CORTES: I mean, look that's a question to ask him not me. I'm not a lawyer. I'm not Michael Cohen. What I am is an American who supported Donald Trump and who supported Donald Trump I think like most Americans who support him knowing full well by the way, that there was a colorful past there. Particularly before he was a politician, so is this really revelatory. Like, is this really news to most of America that perhaps a dozen years ago, he had a one night stand or he had an affair?

If true, and I'm not saying it is, if true. Like, would that have changed anyone's votes? Would that change our decision of what he's doing today as President of the United States? I guess my answer to all of those questions is we know not relevant, not germane, not - - not - - nothing to do with today. This is a witch hunt. I mean, can't we understand that? That this is an attempt - -

BURNETT: So Paul do you think it's a witch hunt? Or do you put more stake in what the President's close advisors are saying tonight? Which is they believe that the investigation into Michael Cohen is a greater and more imminent threat to the President than Bob Mueller's investigation?

BEGALA: Yes. I - - I just was actually agreeing with Cortes until that last statement. In other words, I don't think voters cared at all that Mr. Trump had had a checkered, colorful private life. Why then pay Stormy Daniels $130,000? There was no allegation that - - that it was not consensual. Miss Daniels in her interview with Anderson Cooper - - BURNETT: She's been very clear it was consensual.

BEGALA: Right. So I think Steve's right about that. What he's wrong about is that - - that if - - if in fact as Toobin says this was designed to affect the election and the timing is certainly really suggestive that it was. Then you could be in violation of the campaign finance laws. They should have listened to you Steve. They should - - Mr. Trump then, should have just come out and said, look. OK. I - - I - - I made a mistake in my marriage whatever - - yes, that would have been fine. But you can't spend - - if - - if in fact they did spend $130,000 to affect the election and not report it, not disclose it. But - -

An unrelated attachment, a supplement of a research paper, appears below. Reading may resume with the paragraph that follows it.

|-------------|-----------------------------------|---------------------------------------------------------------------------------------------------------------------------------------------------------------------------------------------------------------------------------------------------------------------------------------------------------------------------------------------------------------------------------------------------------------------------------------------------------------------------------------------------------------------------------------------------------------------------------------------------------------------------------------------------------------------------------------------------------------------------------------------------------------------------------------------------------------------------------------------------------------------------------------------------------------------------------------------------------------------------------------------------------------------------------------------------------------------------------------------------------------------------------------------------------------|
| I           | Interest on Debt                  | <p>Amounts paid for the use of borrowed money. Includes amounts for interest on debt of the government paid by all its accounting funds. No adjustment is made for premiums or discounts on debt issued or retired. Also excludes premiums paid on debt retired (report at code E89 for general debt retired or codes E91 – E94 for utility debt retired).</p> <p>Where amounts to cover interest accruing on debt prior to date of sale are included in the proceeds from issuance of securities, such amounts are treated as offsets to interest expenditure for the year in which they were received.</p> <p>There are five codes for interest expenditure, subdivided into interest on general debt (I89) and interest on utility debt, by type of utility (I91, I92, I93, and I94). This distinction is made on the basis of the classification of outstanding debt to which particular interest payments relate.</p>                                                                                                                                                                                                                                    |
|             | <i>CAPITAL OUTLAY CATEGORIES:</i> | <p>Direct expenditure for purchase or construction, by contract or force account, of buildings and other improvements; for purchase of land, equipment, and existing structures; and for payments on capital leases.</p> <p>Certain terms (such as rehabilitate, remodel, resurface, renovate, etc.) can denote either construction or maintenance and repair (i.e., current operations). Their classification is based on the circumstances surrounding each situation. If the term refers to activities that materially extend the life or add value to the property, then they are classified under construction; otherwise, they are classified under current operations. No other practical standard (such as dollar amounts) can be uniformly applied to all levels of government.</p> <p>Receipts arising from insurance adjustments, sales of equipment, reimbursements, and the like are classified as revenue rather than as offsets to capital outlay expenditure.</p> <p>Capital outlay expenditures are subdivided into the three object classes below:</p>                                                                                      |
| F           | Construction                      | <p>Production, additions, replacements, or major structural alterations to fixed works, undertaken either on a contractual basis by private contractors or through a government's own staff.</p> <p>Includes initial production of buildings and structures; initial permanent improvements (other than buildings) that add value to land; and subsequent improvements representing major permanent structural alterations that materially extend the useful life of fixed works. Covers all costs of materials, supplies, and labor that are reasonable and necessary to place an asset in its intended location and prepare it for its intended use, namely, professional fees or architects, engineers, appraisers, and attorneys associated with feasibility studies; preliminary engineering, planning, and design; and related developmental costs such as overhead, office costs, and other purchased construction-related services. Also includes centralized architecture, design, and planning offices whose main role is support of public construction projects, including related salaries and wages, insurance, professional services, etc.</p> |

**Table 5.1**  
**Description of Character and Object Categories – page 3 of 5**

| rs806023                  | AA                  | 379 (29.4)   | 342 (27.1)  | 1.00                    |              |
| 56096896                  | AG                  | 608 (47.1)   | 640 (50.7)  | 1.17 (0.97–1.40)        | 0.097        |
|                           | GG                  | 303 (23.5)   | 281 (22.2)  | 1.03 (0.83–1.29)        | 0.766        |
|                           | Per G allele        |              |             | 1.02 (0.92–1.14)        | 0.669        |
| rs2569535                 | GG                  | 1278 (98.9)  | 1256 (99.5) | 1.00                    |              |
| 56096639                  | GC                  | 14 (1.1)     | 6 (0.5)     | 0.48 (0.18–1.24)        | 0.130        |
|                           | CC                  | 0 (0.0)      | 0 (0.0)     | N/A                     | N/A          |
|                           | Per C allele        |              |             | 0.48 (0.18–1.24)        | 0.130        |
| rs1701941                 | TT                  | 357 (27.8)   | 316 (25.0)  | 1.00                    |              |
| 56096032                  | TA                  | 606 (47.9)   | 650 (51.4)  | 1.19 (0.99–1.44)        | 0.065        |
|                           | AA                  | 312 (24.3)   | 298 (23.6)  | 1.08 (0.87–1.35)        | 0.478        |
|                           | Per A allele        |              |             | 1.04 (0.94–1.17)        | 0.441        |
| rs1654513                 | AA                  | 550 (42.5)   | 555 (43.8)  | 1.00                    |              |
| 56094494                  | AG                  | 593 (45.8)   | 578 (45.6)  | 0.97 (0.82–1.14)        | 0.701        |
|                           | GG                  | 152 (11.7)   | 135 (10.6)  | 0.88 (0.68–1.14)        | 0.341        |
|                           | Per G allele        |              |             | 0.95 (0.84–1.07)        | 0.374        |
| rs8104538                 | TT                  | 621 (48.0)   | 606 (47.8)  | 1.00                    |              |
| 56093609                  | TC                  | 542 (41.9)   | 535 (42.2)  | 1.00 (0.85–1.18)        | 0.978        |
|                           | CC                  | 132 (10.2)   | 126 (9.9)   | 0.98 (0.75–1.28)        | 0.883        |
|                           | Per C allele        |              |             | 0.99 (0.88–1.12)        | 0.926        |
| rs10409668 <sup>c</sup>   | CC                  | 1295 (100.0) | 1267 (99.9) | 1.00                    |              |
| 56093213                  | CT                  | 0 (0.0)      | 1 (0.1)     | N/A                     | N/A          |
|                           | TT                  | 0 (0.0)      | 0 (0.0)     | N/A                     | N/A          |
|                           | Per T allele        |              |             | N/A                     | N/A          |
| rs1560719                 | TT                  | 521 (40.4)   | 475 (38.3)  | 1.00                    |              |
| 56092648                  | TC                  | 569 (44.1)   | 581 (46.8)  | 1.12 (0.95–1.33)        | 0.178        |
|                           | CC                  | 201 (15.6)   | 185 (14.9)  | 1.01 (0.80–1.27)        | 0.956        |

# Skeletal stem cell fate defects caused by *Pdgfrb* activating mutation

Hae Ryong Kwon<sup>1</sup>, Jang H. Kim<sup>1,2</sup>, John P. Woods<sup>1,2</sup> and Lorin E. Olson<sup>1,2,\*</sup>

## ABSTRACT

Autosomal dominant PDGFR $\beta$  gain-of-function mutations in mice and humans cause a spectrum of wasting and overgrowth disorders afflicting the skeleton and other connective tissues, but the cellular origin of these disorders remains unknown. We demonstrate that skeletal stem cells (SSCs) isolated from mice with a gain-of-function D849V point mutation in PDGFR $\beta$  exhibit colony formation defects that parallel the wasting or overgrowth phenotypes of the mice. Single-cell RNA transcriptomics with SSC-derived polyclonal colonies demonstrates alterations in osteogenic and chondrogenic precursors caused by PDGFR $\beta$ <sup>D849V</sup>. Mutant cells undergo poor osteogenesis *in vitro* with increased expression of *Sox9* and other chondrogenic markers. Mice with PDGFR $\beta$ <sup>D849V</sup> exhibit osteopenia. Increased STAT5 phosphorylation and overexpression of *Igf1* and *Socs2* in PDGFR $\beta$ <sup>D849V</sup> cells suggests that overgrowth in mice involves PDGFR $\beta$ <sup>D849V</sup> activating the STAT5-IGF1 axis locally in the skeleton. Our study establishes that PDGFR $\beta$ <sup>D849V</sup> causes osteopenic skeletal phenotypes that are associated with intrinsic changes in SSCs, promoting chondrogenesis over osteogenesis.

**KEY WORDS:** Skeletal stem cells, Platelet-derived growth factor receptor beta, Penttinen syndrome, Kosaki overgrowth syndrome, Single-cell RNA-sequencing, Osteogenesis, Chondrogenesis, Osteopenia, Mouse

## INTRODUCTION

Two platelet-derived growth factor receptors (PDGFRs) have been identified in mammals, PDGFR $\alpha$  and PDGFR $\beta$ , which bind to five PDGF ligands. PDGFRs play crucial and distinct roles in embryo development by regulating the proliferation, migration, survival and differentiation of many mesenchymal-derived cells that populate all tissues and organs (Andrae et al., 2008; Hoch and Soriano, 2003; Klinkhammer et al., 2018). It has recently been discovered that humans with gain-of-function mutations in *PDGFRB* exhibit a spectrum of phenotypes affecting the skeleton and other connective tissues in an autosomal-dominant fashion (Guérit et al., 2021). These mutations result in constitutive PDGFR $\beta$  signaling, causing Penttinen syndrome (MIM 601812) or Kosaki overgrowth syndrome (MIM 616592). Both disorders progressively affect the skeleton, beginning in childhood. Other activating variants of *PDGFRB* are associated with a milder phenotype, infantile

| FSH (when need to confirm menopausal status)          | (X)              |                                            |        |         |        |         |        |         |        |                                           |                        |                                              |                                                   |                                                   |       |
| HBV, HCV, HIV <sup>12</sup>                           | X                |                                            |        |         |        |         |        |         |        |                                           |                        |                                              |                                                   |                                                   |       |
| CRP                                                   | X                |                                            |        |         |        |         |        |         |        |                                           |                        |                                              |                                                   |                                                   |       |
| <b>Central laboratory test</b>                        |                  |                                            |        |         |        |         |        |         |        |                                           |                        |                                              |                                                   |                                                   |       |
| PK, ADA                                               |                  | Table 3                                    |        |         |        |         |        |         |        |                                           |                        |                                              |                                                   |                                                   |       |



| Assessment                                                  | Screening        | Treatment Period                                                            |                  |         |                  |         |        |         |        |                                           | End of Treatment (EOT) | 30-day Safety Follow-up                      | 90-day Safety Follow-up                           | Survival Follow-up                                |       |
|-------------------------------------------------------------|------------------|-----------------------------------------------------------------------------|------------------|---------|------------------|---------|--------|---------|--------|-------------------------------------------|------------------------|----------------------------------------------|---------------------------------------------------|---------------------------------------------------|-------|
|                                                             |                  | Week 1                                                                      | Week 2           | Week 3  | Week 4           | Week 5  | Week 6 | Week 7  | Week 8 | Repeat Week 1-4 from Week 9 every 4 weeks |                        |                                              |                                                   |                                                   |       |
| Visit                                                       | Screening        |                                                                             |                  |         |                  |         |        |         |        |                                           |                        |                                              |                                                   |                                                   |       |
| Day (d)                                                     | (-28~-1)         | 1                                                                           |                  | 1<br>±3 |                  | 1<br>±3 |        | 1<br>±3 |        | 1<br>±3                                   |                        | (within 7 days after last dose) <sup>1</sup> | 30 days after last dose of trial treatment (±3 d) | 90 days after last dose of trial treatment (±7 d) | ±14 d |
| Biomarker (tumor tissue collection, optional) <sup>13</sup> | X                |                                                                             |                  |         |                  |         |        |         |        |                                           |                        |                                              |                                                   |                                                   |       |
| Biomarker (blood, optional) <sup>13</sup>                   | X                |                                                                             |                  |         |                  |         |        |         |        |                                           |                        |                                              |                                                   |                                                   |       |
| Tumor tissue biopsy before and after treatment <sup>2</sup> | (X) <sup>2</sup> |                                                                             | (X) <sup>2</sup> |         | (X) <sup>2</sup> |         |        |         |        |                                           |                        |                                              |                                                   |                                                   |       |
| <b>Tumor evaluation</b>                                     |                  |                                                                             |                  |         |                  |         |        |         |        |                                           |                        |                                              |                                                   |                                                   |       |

CORTES: But hold on. This is an important point. What if it wasn't to affect the election? Let's - - let's - - again, and I'm not saying it happened, but let's say it did. Let's say he did sleep with Stormy Daniels. Wouldn't it be plausible at least Paul that - - that this money might have been spent to preserve his marriage rather than the election? I mean, isn't that plausible?

BEGALA: Two weeks before the election, no. Sorry. Because the - - the affair happened like 10 years ago and - - and I just, to me - -

BURNETT: Of course, we now know it happened - - it happened more than once. Go - - go ahead.

TOOBIN: I - - I - - I also think, you know, I mean, it's - - it's fine to be cynical about this - - this election and that oh, people knew everything about Donald Trump. You know, it may be that people knew that Donald Trump had a complicated marriage. But no one knew, as far as I'm aware, that he was paying hush money - -

BEGALA: Right.

TOOBIN: - - to all these women.

BEGALA: Right.

TOOBIN: And I think the fact that that didn't come out may well have had an impact on the election. So the idea that oh, everyone knew everything about Donald Trump. None of this matters. I don't buy that at all.

BEGALA: Right.


BURNETT: Yes. Go ahead.

CORTES: This was not - -we - - everyone knew Donald Trump is an outsider. He was not a politician. He did not live his life like a politician. Thank goodness. Right?

TOOBIN: Is that what is called being an outsider when you pay women hush money for that - -

CORTES: No. No. No. But hold on Jeffrey. Listen, there's a dark side to that. There's also a light side. The light side that he was not scripted. He was not careful. He was not lawyerly. And I think - -

BEGALA: He was certainly not (INAUDIBLE).


CORTES: - - that - - that - - that lended itself to being a politician. And the American people understood that and knew him, knew him very well. The - - the - - the star of the number one reality show in America, we knew him. And he never pretended that he was St. Francis of Assisi. So that was never offered to the American people. We were not mis-sold. We - - we - - we were not led down a primrose path. We knew who he was - -

BURNETT: But having no morals when it comes to your sexual life is different than having no morals when it comes to skirting the law to cover it up or lie or pretend. I mean, and - - and I think there's a lot of people who might see a distinction between those two things.

BEGALA: I - - I think the most important thing that Gloria's reporting is to quote Jim Comey, "Lordy there's tapes. There are tapes." John Oliver didn't know how right he was when he coined this stupid Watergate. Now we have stupid tapes. What the hell - - Michael did you pay full pay price for that law degree? Because what the hell are you doing recording these things?